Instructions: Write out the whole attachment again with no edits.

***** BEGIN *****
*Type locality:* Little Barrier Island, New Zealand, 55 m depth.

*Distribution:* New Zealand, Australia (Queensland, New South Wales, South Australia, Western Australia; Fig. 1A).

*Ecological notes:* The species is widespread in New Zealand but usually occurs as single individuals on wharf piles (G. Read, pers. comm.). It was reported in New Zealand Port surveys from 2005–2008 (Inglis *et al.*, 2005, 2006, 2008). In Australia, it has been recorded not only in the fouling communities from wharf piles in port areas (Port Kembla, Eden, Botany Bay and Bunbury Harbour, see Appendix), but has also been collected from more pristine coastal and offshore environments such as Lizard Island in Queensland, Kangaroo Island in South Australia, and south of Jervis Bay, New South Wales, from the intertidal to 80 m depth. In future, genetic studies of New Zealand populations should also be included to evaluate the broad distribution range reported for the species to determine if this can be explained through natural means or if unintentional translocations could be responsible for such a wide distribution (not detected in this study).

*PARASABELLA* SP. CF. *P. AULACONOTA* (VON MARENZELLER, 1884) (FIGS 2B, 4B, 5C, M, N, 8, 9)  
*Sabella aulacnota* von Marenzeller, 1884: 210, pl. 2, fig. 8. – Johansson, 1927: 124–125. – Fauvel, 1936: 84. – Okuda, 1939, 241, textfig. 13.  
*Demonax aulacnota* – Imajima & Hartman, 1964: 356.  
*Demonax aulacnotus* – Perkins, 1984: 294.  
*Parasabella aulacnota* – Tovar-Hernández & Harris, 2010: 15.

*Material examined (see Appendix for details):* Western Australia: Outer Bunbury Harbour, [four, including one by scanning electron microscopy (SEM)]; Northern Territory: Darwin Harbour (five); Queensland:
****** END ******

*Type locality:* Little Barrier Island, New Zealand, 55 m depth.

*Distribution:* New Zealand, Australia (Queensland, New South Wales, South Australia, Western Australia; Fig. 1A).

*Ecological notes:* The species is widespread in New Zealand but usually occurs as single individuals on wharf piles (G. Read, pers. comm.). It was reported in New Zealand Port surveys from 2005–2008 (Inglis *et al.*, 2005, 2006, 2008). In Australia, it has been recorded not only in the fouling communities from wharf piles in port areas (Port Kembla, Eden, Botany Bay and Bunbury Harbour, see Appendix), but has also been collected from more pristine coastal and offshore environments such as Lizard Island in Queensland, Kangaroo Island in South Australia, and south of Jervis Bay, New South Wales, from the intertidal to 80 m depth. In future, genetic studies of New Zealand populations should also be included to evaluate the broad distribution range reported for the species to determine if this can be explained through natural means or if unintentional translocations could be responsible for such a wide distribution (not detected in this study).

*PARASABELLA* SP. CF. *P. AULACONOTA* (VON MARENZELLER, 1884) (FIGS 2B, 4B, 5C, M, N, 8, 9)  
*Sabella aulacnota* von Marenzeller, 1884: 210, pl. 2, fig. 8. – Johansson, 1927: 124–125. – Fauvel, 1936: 84. – Okuda, 1939, 241, textfig. 13.  
*Demonax aulacnota* – Imajima & Hartman, 1964: 356.  
*Demonax aulacnotus* – Perkins, 1984: 294.  
*Parasabella aulacnota* – Tovar-Hernández & Harris, 2010: 15.

*Material examined (see Appendix for details):* Western Australia: Outer Bunbury Harbour, [four, including one by scanning electron microscopy (SEM)]; Northern Territory: Darwin Harbour (five); Queensland: